Len Nichols’ “modest proposal” for a competing public health plan requires the public plan to play by the same rules as private insurers. Operating within a new framework, both plans would offer standard benefit packages, “guaranteed issue, guaranteed renewal, no pre-existing condition exclusions, modified community rating, risk adjustment.”
The public plan would also adhere to the following conditions of fair competition: it would have to be actuarially sound, would not leverage Medicare to force providers to participate or use Medicare payment rates, and would have to adhere to the same rules regarding reserve funds.
Today, during a conference call with reporters, the Heritage Foundation’s Stuart Butler — a vocal critic of the public option — agreed with Nichols’ framework in theory, but argued that government would rig the system in practice:
The design features are correct, this theoretical model of what you would have to do … but what I’m very skeptical if one sees this on a number of states whether one sees the federal government giving up control of public plan or whether they will just feel the impulse to manipulate it. I just can’t imagine [Rep. Pete] Stark and [Rep. Henry] Waxman and others giving up the option of giving up that plan. … I think they will start relaxing requirements on the public plan… maybe you don’t have to finance yourself completely like private plans do.. We’ll just start rewriting the rules there…They will start relaxing them, in the public interest.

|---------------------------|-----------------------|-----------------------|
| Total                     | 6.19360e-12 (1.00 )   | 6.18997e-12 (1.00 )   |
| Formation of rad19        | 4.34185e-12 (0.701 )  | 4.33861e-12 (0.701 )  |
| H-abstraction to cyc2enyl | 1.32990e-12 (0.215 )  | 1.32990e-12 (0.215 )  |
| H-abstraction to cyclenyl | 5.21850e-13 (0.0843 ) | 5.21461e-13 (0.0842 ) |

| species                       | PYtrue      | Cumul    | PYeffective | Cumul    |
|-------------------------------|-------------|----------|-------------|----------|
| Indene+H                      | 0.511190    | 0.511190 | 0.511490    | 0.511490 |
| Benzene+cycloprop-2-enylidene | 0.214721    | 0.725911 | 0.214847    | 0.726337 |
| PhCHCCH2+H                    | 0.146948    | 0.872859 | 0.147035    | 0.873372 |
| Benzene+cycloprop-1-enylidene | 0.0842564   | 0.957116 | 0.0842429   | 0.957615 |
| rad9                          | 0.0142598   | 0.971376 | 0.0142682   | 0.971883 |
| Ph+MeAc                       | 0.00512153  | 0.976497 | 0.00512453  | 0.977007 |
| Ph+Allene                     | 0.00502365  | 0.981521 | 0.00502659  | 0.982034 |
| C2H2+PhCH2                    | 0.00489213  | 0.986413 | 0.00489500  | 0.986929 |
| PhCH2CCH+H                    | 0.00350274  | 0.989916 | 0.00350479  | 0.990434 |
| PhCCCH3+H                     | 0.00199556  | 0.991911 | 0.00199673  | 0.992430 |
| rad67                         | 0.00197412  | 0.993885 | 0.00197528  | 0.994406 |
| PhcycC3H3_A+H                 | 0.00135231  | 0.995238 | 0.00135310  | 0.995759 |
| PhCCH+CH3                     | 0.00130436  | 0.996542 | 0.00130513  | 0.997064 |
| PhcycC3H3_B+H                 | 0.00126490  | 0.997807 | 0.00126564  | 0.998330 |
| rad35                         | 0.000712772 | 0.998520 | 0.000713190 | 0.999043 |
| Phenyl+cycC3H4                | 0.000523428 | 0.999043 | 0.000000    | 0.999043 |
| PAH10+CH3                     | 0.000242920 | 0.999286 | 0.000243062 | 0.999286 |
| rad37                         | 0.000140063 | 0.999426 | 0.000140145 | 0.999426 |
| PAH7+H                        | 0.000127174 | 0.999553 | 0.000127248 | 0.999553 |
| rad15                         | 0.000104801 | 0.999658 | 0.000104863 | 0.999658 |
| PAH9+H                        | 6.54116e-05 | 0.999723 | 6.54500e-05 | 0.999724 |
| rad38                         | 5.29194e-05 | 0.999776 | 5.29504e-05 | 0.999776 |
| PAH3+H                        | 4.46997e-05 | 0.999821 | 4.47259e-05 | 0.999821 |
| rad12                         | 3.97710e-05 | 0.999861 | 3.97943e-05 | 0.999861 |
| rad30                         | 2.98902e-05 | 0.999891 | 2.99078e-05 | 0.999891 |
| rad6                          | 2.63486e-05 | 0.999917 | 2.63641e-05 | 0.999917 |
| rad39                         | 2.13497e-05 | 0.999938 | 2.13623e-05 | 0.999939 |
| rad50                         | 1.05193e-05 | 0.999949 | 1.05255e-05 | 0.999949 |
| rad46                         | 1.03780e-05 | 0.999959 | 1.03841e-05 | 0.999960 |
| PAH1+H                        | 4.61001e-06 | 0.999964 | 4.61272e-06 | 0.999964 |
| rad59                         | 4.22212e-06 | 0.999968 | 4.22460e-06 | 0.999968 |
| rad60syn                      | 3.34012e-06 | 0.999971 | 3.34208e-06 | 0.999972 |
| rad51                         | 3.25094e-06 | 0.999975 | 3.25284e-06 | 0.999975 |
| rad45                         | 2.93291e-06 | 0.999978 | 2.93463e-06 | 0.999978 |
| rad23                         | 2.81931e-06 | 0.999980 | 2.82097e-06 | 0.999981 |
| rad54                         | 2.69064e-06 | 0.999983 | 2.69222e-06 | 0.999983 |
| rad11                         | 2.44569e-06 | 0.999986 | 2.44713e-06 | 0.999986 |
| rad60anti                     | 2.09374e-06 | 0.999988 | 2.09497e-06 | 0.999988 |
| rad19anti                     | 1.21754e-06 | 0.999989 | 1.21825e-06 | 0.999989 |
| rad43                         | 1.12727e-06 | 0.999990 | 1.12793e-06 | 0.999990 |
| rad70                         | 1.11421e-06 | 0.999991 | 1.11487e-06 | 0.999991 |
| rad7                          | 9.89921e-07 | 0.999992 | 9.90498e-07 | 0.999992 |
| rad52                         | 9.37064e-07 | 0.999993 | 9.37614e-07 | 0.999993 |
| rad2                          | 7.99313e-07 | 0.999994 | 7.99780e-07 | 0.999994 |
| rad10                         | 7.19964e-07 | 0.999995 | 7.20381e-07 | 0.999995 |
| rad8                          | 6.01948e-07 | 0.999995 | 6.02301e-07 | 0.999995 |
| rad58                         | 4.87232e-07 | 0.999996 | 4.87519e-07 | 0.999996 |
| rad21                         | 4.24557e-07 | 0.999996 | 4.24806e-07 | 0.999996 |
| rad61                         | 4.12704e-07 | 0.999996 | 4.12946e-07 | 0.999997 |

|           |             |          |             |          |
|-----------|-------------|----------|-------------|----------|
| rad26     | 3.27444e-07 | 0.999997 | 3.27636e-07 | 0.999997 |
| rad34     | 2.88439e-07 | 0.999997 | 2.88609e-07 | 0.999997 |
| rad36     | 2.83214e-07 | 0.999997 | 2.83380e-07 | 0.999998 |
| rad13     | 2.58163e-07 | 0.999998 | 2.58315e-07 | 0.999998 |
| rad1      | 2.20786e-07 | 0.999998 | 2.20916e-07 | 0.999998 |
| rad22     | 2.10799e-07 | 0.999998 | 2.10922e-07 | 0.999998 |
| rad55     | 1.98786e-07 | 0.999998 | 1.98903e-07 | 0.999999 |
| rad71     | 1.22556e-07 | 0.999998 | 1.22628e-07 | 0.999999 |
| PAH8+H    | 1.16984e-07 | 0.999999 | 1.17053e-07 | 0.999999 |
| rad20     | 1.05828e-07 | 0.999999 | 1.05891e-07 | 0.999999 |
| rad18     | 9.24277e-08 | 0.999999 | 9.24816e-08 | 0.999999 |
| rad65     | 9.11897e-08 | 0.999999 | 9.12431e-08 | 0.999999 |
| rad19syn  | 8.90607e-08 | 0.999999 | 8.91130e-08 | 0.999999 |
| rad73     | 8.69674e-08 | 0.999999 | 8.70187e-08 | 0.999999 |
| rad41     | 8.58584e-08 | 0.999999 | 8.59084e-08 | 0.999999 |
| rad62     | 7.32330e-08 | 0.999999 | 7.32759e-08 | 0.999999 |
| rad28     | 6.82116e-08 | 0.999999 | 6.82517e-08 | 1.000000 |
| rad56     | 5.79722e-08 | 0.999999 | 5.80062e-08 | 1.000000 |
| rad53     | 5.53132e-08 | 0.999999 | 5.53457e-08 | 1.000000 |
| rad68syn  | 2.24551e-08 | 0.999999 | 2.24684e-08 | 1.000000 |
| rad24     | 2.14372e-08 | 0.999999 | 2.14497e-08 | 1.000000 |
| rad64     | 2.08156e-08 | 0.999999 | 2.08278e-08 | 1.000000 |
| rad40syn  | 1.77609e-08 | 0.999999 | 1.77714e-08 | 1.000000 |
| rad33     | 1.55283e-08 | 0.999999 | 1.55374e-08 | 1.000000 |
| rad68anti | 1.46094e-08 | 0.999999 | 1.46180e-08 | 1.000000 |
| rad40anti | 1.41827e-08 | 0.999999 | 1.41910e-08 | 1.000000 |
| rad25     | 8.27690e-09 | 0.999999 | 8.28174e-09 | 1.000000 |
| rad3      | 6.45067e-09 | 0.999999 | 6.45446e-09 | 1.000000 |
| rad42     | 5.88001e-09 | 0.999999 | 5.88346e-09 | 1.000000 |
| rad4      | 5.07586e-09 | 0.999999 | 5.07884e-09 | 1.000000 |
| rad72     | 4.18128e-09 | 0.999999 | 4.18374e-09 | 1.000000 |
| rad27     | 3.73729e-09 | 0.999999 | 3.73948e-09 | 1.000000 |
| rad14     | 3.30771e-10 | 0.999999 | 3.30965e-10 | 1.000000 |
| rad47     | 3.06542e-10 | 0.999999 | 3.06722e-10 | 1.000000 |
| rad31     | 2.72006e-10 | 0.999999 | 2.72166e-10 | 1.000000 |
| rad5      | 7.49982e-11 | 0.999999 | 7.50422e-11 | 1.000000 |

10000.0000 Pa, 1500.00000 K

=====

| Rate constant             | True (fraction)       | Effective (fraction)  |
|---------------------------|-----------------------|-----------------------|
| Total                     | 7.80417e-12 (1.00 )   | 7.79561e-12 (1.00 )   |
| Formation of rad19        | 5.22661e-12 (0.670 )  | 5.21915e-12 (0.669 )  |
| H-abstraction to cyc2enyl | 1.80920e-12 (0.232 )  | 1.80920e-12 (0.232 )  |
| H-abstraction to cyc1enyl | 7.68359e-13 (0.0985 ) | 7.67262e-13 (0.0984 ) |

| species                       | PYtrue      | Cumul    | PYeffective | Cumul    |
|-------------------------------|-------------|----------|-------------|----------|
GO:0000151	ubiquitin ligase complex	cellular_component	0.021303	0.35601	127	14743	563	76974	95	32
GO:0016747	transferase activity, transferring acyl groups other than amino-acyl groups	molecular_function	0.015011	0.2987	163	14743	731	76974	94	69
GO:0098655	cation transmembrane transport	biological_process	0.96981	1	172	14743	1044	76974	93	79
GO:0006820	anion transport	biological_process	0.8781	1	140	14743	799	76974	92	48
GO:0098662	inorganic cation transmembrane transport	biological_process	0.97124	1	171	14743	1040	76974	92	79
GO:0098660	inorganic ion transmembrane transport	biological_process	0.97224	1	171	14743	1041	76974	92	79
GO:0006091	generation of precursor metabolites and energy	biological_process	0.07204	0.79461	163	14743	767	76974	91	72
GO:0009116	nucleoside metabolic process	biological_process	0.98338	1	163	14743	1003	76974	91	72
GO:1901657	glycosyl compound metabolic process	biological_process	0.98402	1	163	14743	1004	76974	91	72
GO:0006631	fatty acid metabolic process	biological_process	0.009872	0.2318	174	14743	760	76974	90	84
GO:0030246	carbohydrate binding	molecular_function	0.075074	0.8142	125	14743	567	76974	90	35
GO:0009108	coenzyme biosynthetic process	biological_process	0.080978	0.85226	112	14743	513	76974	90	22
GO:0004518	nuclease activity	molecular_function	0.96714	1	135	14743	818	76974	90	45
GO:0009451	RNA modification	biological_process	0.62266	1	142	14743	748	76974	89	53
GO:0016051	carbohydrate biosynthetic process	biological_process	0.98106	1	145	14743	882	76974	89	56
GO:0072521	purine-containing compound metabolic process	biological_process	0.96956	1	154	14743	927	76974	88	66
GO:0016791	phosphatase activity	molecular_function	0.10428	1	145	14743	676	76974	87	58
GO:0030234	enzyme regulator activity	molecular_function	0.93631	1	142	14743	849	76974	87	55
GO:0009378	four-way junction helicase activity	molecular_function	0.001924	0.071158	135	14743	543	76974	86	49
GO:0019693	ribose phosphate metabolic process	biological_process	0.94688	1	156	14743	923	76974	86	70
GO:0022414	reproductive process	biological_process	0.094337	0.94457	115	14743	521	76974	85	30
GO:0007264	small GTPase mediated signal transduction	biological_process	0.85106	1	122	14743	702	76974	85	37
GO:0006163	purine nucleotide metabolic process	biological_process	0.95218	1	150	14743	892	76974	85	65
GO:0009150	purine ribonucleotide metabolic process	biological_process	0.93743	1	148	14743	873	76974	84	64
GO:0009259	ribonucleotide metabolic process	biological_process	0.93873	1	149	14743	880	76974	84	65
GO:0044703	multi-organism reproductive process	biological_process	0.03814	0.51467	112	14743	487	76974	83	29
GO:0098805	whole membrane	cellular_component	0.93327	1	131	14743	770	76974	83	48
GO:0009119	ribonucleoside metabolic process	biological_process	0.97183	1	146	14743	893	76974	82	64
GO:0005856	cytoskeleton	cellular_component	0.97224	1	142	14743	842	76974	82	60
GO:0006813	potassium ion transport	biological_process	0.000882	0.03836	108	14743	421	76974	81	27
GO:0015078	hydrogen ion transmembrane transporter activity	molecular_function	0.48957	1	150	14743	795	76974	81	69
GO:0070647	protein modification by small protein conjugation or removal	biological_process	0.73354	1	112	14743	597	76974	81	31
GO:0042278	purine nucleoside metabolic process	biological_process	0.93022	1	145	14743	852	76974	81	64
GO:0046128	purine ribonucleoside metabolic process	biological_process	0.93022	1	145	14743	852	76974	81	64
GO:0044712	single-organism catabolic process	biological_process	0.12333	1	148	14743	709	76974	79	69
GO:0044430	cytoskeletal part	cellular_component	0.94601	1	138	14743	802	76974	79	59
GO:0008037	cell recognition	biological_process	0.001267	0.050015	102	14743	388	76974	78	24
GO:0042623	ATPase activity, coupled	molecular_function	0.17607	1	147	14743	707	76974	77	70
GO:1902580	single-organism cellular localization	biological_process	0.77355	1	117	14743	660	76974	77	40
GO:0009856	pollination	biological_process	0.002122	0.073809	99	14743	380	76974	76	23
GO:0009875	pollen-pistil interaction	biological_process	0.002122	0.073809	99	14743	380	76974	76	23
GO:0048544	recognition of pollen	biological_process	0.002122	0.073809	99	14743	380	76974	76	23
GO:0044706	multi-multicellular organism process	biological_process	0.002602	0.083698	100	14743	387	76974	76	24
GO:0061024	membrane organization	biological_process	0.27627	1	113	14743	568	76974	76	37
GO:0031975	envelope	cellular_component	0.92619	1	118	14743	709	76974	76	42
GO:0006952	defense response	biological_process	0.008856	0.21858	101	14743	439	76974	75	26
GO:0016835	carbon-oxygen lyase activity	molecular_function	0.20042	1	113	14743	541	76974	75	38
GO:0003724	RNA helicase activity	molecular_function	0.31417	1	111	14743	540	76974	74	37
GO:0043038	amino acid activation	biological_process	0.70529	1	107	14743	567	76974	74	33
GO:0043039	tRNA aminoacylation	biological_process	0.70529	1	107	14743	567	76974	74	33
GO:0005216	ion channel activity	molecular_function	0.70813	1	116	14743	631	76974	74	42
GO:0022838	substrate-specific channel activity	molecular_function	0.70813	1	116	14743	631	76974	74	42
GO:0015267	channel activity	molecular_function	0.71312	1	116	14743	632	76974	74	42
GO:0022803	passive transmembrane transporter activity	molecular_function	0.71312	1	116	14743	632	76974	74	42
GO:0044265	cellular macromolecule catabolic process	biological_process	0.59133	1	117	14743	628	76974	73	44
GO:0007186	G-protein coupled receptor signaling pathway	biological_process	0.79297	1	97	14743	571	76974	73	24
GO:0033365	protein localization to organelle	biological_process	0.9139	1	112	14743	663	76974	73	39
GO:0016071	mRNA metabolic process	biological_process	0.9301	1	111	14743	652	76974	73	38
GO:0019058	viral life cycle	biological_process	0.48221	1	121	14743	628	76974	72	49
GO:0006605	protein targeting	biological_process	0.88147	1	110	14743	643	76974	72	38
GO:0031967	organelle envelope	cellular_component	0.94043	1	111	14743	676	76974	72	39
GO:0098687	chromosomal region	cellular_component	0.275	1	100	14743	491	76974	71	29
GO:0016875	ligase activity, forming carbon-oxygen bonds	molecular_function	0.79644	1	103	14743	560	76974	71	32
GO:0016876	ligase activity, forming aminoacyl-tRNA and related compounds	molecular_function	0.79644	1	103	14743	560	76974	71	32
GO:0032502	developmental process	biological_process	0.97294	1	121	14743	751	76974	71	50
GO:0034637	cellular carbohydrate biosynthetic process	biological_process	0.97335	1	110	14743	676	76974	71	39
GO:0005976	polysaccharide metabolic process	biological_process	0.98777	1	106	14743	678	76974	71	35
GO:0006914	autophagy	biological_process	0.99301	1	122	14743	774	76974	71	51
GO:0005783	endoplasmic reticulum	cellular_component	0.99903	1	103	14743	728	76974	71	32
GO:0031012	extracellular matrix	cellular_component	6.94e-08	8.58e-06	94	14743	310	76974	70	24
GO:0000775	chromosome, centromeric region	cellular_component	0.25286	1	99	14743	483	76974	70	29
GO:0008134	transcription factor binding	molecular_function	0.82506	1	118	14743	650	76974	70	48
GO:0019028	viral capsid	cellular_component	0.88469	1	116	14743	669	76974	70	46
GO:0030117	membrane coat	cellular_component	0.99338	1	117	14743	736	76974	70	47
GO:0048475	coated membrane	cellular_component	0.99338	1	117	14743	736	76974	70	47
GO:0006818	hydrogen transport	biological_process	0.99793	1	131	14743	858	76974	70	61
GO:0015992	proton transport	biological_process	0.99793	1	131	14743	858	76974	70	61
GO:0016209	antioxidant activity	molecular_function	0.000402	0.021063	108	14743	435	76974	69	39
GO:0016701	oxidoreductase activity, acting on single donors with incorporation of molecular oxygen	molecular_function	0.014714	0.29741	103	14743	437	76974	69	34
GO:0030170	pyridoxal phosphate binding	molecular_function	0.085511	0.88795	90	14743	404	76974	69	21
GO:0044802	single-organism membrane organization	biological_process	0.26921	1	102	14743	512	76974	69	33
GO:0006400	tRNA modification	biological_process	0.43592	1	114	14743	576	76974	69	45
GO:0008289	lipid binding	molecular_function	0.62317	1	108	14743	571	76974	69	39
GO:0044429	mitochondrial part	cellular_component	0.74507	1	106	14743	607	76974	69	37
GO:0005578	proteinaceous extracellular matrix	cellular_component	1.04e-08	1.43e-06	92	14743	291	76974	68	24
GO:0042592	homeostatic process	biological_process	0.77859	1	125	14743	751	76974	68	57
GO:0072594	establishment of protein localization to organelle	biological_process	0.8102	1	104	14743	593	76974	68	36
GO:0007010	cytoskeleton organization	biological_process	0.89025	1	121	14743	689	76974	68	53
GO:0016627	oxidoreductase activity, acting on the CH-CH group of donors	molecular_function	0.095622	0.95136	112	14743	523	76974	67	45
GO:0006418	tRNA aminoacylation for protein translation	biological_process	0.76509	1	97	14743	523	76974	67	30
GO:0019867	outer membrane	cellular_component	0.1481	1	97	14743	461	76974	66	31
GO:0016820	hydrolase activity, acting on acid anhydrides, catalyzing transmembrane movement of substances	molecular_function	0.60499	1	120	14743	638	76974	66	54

“In my view, the right answer is to push or require the private sector on the state level to come up with some arrangement through private plans which is the functional equivalent of the public plan model,” Butler explained on the call.
But Butler’s argument — let the marketplace handle it — kind of misses the point of the public option. The marketplace has contributed to skyrocketing premiums and huge cost-shifts to families through higher deductibles and copayments. It’s what needs reforming. In fact, even if the private market somehow self-designs a framework of regulation, it would likely not lower costs as quickly as public/private completion.
This is because the whole point of allowing a public plan option to compete with private insurers is that if you reform the way Medicare and the public option reimburses for services (move away from fee-for-service and towards bundled payment, primary care, and care coordination) and if those programs become more efficient, the private insurers — who are now competing directly with the new public plan — would also have to adopt more efficient payment practices.
By using the public plan as a vehicle for reforming the private insurance market, you can dramatically lower health care costs. My fear isn’t that the government won’t be able to keep its hands off the public plan; I fear that without a public plan we won’t be able to lower our skyrocketing health care costs and address the economic crisis.
Butler explains his opposition: “Let’s get real. The playing field can never be level with Congress setting the rules and taking responsibility for one of the competing plans. That is why it is a dealbreaker.”